Why an Employer Brand Matters
In a competitive job market like Bangalore, Mumbai, and Pune many companies have similar perks: health insurance, happy hours, flexible work from home policy, unlimited PTO, you name it. It’s a race to the top for companies to attract top talent with these ‘perks’ and competitive salaries – but there is one secret weapon in recruiting which every company has but not all of them use: themselves. In a recent survey of Hired candidates, over 40% ranked Company Culture ranking higher than Perks & Benefits as a reason they join a new company. Some HRs credits the success of the recruiting team to the of their recruiters’ ability to make real human connections with each and every one of their candidates. When you can compete with salary, benefits, and perks – you have to stand out by making sure candidates are excited when speaking to your team, not just about the product but the people they’ll be interacting with on a day-to-day basis.
Build Your EVP
Your EVP is your employer value proposition. This takes into account multiple factors including compensation, benefits, career trajectory, work environment, and culture.
Understand what both the company and employees want. Choosing where to work is one of the most life-changing decisions a person can make next to purchasing a home or choosing their life partner. Since people are always connected to the internet – the lines between work and life become more blurred. People start to inject parts of their personal life into their work life and vice versa.
Create a unique program around the “wants”. One example of a new program was from a team dedicated to working with boomerang employees. This is a way to get feedback on why employees may be leaving, but at the same time, you’re able to retain top talent you once had.
Another example is “No meeting Wednesdays” where folks try their hardest to be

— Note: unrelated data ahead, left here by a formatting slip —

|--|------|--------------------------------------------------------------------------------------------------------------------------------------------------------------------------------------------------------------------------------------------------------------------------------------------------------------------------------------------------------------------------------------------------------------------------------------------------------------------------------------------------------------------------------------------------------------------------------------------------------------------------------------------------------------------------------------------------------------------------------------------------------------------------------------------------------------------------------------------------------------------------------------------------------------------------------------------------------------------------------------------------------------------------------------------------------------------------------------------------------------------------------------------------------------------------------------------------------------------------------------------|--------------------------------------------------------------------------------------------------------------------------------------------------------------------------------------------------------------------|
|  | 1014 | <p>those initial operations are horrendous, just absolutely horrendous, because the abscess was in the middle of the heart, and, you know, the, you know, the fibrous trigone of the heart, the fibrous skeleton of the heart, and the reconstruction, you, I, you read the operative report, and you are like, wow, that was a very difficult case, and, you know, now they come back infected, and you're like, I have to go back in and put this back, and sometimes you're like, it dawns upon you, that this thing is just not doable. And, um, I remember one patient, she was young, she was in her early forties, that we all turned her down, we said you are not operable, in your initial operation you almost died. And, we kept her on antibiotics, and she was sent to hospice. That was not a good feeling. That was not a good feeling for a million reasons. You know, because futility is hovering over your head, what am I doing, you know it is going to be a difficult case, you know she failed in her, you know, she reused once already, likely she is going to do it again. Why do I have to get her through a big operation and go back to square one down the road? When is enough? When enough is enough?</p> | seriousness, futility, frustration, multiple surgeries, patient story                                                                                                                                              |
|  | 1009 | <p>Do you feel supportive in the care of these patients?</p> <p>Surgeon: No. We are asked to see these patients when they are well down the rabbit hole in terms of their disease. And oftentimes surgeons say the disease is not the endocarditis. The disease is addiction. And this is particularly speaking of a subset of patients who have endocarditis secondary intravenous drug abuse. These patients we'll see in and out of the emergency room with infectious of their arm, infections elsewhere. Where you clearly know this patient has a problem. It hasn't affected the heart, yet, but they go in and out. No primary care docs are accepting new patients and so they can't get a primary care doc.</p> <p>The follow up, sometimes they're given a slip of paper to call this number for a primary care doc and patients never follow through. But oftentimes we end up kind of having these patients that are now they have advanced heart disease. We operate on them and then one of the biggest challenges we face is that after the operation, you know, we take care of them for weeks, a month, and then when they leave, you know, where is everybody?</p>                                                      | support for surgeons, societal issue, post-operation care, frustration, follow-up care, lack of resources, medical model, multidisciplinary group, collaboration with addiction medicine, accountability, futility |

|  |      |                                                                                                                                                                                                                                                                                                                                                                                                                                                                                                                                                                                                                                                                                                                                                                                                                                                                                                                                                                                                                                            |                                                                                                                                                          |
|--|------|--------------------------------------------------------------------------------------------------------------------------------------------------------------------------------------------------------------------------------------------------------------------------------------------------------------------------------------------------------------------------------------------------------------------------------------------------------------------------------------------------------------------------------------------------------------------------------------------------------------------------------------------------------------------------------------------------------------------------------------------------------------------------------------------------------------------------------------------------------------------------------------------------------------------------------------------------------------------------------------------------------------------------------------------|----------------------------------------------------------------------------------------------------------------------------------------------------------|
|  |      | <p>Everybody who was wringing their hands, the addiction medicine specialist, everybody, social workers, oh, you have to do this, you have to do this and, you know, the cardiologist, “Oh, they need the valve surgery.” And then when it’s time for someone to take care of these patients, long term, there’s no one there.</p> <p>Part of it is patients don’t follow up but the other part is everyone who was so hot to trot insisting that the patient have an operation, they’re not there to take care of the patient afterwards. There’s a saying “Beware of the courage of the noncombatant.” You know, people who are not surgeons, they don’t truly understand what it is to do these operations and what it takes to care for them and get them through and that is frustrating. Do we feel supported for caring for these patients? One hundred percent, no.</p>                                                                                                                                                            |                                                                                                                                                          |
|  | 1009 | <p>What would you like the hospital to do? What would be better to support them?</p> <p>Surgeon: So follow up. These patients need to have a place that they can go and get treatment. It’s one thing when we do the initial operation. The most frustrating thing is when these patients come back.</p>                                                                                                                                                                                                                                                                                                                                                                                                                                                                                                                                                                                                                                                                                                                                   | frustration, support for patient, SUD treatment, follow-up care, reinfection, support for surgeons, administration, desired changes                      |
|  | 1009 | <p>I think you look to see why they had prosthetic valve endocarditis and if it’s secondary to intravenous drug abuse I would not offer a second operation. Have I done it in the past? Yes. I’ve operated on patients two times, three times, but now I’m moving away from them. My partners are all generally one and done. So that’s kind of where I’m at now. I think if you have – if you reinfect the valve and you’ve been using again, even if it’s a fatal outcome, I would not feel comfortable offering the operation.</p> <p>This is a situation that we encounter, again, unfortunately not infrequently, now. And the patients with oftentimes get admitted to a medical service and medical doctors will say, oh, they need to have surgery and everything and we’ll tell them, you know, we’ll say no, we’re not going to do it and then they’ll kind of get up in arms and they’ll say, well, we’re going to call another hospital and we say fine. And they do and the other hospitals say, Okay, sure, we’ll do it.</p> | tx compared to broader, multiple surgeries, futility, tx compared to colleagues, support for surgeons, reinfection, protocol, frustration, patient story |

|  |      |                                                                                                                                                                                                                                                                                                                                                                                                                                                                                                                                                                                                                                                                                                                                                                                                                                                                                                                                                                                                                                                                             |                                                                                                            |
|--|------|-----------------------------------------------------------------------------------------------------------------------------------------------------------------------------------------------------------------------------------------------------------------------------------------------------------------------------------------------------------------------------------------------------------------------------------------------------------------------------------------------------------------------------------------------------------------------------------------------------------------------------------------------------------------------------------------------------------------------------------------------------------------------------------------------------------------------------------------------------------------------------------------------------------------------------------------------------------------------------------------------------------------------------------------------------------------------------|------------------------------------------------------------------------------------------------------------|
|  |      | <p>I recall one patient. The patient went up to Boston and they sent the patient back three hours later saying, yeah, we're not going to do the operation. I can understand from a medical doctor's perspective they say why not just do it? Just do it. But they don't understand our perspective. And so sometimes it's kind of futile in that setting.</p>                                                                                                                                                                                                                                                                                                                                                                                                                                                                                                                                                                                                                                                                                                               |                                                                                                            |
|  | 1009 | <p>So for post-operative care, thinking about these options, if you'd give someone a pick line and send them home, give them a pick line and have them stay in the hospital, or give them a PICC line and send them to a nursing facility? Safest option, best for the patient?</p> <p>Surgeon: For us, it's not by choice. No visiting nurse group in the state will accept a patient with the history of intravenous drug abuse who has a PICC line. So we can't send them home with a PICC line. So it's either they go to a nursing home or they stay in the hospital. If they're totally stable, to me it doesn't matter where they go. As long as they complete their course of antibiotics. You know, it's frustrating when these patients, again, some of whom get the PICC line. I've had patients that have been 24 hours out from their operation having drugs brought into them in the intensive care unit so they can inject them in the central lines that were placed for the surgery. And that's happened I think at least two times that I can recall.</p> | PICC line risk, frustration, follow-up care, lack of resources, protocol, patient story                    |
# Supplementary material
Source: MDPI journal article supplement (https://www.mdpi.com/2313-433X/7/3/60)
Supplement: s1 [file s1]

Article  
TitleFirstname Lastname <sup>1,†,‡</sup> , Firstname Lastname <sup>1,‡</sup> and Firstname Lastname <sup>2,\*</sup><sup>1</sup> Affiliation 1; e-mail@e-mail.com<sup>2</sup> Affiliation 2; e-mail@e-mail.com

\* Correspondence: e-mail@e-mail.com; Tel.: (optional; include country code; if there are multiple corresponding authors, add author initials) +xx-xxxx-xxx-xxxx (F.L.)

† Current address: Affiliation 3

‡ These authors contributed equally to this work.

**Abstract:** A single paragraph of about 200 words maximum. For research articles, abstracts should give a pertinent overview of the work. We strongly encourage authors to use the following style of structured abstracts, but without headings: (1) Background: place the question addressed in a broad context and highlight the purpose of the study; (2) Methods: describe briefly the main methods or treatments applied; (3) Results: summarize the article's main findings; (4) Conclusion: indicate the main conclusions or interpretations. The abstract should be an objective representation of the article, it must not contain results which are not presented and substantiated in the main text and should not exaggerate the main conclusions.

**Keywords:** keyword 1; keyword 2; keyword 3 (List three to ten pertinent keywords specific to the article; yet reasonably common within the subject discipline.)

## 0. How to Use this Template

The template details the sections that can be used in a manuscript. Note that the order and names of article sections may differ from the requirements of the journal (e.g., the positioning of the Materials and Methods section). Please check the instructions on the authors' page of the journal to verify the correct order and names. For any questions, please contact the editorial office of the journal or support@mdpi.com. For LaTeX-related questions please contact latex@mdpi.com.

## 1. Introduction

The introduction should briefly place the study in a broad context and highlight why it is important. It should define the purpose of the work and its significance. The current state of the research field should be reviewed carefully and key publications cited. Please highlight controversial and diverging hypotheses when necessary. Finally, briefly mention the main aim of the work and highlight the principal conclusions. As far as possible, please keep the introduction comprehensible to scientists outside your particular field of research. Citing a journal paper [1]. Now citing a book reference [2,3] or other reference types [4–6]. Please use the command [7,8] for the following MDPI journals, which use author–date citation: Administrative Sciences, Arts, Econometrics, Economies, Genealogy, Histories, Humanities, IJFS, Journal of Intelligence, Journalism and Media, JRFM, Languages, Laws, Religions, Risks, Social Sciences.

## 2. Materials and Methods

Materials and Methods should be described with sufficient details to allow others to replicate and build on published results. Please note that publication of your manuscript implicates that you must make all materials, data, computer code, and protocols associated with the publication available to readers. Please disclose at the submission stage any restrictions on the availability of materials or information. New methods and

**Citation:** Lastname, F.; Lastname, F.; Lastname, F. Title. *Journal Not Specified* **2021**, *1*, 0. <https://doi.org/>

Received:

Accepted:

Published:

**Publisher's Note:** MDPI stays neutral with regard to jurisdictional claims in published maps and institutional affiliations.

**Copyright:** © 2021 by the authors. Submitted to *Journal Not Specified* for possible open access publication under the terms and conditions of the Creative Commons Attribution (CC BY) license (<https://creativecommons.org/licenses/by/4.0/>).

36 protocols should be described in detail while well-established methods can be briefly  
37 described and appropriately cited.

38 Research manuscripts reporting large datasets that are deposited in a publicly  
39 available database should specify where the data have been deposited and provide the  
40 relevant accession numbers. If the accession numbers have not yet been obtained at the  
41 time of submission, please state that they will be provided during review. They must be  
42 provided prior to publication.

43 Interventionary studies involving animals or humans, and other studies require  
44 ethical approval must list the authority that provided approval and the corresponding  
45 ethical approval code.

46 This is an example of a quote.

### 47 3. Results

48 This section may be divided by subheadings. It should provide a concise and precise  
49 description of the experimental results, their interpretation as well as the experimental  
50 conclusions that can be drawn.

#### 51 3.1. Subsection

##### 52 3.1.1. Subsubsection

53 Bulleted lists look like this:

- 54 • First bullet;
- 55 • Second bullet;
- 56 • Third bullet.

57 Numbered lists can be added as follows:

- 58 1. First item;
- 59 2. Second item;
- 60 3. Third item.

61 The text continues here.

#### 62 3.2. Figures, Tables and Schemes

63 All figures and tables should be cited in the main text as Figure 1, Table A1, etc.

productive and not hold meetings unless absolutely necessary. One HR professional
found that the most important thing was great healthcare benefits. At one point they mentioned they’d forgo their bonus check if it meant being able to have the peace of mind.
Use your data and iterate. Great HR professionals create their EVP by understanding feedback from employees in their surveys and working with marketing to convey their message. Think about how often companies become out of touch with their employers. Surveys are important in understanding how well your programs are performing. Ultimately – it’s in the best interest of the employee to give honest feedback for improvement.
Data can be used for more than creating an EVP. As companies grow, they often times have brands under their portfolio. The more companies there are, the more important it is to have one consistent brand voice.
All of our HR partners mentioned in one way or another how they used their data to drive their decisions on how to engage candidates. On a quarterly basis, the talent leadership team at Uber looks at key dimensions on where they want to dive in during their recruiting process. Through all funnels of the process, all of the data is compiled to understand where the most drop off maybe and possible solutions to fix it.
Candidate feedback is extremely helpful. With enough data, you can start to see what trends you have during drop off and which reasons are one-off occurrences. For example – if no engineer in Bangalore can pass your code test, maybe it’s not a great test.
Look at the top companies listed on Glassdoor to see how they compare. You can
compare employee reviews to look for areas of improvement. The most telling way of how to measure data however is the average rate of engagement to see if their brand content is strong.
The Bottom Line
In summary, creating a strong employer brand helps companies grow and retain their best employees.
The best way for companies to build a strong brand is by building strong connections to all candidates within the recruiting process. When recruiting, these top companies all pay attention to the feedback they get from both candidates and employees and act on areas where they see drop off.
Swiggy’s VP of talent and inclusion, mentions the direct tie between a company’s strong financials and a strong employer brand. The bottom line is a strong employer brand will lead to $$$.